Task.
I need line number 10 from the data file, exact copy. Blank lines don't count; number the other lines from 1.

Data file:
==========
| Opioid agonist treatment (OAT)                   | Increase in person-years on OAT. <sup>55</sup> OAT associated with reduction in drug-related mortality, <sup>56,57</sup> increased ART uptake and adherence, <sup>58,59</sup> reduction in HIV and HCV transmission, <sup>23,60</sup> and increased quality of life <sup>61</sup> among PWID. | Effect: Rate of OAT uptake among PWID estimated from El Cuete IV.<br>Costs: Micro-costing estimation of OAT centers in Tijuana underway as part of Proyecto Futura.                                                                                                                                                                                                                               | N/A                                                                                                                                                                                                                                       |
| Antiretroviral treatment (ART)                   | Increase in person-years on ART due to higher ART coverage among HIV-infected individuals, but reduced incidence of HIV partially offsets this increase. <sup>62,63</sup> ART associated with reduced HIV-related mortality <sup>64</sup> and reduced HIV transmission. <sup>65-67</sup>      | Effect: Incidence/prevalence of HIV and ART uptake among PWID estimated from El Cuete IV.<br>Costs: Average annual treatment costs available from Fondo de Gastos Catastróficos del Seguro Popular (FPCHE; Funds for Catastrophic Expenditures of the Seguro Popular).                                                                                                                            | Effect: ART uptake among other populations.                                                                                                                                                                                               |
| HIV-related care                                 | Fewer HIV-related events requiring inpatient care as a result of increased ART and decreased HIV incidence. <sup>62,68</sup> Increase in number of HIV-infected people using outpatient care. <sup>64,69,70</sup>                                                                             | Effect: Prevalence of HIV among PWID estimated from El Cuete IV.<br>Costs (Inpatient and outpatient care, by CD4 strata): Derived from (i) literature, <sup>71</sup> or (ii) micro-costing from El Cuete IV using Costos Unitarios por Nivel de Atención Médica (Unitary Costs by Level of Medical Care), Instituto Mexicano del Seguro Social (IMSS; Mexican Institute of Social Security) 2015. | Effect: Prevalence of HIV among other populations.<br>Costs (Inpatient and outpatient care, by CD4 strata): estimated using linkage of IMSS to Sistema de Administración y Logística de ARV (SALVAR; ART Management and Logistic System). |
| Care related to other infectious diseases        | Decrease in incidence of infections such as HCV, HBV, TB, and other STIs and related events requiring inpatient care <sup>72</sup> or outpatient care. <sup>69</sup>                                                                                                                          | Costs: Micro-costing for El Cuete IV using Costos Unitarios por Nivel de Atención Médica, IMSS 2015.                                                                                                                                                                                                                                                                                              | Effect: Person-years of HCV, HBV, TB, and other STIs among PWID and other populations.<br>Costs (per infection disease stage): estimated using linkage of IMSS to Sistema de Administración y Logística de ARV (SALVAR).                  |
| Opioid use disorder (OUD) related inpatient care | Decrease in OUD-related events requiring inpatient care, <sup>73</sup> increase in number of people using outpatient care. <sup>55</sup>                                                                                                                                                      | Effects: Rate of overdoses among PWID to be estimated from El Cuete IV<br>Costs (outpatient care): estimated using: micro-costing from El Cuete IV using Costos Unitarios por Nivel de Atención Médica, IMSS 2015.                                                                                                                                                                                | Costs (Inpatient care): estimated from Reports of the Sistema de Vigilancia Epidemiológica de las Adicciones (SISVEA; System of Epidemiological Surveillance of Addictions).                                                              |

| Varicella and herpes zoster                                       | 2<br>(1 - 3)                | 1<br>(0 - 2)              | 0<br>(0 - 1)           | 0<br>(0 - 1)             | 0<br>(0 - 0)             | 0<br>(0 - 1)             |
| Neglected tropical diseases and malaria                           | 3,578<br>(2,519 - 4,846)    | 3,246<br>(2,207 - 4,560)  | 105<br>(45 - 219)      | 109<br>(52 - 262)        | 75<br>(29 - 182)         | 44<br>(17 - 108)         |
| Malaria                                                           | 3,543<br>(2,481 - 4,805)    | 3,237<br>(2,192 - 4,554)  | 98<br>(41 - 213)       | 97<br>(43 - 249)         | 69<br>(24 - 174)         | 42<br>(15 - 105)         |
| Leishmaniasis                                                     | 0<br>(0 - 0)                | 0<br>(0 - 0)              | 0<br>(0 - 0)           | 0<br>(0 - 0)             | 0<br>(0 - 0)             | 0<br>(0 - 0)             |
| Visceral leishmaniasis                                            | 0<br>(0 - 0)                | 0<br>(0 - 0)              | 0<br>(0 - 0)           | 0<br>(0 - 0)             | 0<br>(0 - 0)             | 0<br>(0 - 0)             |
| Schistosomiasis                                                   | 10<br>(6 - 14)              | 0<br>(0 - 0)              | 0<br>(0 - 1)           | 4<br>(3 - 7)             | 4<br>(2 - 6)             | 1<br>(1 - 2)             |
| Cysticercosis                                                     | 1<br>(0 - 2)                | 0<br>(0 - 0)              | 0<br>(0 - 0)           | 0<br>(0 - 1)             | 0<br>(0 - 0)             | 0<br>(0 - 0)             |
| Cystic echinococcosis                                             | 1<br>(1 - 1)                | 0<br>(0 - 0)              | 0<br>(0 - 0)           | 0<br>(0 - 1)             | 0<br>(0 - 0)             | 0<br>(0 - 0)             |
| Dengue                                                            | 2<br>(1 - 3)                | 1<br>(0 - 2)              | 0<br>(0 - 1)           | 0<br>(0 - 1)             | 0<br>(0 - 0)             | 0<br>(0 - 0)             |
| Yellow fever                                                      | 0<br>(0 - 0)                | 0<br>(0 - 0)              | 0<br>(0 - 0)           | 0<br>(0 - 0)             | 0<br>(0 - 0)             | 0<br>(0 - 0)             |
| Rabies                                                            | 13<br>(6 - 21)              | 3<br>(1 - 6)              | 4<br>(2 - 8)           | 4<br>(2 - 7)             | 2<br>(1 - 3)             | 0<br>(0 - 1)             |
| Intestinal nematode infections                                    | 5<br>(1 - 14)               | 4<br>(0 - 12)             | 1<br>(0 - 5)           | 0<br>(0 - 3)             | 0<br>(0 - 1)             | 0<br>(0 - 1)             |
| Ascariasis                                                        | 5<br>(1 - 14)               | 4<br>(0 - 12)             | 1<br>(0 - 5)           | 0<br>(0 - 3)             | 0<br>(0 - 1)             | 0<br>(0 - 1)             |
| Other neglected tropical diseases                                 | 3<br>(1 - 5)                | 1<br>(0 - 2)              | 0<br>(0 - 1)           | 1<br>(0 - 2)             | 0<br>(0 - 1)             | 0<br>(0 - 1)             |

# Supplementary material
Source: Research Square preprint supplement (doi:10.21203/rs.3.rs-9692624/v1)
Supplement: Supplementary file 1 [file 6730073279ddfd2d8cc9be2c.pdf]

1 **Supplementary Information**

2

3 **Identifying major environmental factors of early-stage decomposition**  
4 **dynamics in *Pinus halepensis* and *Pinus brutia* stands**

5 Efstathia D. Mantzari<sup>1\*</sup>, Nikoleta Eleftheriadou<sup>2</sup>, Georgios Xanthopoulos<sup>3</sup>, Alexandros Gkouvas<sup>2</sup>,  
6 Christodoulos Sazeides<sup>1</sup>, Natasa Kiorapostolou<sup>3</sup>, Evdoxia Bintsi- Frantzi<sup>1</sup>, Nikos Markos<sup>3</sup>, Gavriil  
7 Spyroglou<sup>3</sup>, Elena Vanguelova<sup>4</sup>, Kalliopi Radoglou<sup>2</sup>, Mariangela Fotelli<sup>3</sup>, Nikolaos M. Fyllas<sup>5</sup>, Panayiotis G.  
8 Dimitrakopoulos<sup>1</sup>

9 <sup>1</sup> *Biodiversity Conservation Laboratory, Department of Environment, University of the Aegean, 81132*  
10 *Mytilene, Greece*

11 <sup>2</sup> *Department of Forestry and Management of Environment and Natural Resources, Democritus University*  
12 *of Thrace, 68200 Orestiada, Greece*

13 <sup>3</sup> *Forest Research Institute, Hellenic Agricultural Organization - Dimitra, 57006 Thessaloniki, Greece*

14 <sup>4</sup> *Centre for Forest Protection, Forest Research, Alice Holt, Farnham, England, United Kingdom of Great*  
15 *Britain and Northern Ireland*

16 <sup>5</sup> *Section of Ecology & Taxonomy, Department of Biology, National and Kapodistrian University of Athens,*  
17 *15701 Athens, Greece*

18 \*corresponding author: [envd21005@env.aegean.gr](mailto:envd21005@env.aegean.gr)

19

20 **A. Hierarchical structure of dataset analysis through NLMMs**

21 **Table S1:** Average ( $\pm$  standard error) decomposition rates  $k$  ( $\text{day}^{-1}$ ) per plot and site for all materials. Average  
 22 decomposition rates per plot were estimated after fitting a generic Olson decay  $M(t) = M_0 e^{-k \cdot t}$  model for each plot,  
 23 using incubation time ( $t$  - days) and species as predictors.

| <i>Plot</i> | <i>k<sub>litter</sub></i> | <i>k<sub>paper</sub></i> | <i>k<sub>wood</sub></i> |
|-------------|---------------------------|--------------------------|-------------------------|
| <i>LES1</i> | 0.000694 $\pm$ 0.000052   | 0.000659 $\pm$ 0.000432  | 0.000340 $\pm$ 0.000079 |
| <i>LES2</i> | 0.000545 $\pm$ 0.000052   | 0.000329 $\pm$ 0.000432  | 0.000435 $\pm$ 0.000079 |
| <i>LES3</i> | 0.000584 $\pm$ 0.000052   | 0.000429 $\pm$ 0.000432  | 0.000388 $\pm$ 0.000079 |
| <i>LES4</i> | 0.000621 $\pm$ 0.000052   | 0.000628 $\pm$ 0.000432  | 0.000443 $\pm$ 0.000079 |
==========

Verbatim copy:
| Visceral leishmaniasis                                            | 0<br>(0 - 0)                | 0<br>(0 - 0)              | 0<br>(0 - 0)           | 0<br>(0 - 0)             | 0<br>(0 - 0)             | 0<br>(0 - 0)             |